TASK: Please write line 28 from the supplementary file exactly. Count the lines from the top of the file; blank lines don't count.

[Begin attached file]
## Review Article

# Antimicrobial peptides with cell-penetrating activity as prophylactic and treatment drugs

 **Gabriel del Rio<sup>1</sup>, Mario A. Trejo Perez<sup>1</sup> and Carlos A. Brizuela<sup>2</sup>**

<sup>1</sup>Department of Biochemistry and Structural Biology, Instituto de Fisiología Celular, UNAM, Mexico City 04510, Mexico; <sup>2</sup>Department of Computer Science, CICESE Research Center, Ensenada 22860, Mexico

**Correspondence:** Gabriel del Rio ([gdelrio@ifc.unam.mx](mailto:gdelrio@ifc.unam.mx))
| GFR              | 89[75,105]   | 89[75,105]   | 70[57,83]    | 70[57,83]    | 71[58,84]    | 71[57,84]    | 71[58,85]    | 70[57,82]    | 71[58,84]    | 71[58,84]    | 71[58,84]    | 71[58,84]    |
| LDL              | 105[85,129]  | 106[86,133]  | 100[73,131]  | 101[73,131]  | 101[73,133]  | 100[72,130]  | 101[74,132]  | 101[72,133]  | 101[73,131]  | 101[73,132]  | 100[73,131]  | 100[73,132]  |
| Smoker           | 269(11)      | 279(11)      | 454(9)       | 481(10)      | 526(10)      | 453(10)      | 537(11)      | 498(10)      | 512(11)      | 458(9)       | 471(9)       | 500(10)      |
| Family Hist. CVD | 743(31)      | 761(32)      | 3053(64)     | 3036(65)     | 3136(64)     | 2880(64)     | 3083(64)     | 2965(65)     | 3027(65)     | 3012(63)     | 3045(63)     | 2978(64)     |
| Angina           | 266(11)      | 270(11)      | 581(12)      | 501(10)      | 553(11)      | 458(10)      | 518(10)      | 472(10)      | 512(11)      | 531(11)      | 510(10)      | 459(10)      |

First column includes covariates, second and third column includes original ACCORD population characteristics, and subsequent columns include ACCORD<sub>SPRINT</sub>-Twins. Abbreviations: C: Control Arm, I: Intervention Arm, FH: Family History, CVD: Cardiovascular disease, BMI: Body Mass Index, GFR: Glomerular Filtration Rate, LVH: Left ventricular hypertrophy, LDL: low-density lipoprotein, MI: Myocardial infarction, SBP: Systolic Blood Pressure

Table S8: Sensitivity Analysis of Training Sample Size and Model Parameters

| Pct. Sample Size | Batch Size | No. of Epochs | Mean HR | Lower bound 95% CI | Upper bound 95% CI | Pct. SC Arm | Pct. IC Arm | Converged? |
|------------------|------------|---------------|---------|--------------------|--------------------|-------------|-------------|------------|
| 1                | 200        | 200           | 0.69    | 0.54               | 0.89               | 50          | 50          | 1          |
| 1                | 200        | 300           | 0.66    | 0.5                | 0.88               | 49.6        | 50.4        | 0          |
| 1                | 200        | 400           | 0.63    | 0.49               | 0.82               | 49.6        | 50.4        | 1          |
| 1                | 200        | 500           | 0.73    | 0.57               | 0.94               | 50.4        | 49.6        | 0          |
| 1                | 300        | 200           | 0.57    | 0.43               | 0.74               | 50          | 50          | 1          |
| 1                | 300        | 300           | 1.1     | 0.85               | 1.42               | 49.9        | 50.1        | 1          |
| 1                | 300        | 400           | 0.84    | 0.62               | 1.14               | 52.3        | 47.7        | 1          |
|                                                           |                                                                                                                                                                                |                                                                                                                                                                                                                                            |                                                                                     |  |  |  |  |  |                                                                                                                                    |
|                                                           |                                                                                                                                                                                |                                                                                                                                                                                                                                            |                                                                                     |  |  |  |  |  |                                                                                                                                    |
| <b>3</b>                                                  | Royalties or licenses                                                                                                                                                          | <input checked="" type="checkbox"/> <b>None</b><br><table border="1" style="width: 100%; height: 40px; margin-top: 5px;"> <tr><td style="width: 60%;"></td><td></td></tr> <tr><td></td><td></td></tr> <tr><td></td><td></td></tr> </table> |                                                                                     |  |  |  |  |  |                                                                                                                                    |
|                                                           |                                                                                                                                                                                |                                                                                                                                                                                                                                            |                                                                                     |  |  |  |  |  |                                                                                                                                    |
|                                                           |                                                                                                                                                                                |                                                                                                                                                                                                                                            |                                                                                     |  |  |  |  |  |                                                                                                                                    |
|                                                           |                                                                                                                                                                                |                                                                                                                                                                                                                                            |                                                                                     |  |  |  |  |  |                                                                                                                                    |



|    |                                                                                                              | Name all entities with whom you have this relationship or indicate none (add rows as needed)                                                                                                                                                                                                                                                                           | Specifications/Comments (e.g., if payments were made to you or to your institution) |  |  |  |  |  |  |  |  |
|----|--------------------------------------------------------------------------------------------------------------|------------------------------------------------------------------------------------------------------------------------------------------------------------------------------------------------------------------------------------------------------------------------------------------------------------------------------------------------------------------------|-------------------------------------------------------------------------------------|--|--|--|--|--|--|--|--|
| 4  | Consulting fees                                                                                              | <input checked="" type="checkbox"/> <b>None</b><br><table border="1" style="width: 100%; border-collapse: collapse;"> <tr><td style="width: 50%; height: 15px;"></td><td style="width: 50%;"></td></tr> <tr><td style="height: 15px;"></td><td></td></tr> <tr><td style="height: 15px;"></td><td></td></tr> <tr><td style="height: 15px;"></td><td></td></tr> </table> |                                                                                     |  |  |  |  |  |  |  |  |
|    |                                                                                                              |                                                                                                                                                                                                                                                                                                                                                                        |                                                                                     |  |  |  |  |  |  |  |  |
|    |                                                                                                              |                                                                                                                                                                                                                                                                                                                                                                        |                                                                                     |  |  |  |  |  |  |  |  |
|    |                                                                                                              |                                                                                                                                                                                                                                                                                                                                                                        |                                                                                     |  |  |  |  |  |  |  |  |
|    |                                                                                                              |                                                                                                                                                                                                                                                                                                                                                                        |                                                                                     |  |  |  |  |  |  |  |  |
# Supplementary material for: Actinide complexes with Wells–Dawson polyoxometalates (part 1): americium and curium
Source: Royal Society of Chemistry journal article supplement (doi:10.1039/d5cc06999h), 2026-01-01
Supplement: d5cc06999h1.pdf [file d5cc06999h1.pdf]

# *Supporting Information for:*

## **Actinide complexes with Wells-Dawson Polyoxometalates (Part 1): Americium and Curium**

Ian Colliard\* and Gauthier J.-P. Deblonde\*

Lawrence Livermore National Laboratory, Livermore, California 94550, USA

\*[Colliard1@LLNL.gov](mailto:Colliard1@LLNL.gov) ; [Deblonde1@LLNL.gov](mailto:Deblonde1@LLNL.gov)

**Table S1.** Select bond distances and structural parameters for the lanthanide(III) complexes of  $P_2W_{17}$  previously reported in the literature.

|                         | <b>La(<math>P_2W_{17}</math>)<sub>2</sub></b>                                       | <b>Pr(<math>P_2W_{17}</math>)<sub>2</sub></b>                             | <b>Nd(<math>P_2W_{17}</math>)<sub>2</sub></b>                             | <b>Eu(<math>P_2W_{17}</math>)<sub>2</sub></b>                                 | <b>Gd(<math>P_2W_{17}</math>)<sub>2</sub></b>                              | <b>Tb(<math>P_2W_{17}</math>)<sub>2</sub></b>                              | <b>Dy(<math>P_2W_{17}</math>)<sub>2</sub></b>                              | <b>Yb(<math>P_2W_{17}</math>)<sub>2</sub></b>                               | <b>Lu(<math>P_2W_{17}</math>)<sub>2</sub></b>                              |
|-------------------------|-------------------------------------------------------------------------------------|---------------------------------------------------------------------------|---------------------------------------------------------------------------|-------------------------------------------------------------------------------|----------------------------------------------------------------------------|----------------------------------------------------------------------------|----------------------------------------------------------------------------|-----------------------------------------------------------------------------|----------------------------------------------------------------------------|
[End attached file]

|    |                                                                                                              | Name all entities with whom you have this relationship or indicate none (add rows as needed)                                                                                                                                                                                                                                                                           | Specifications/Comments (e.g., if payments were made to you or to your institution) |  |  |  |  |  |  |  |  |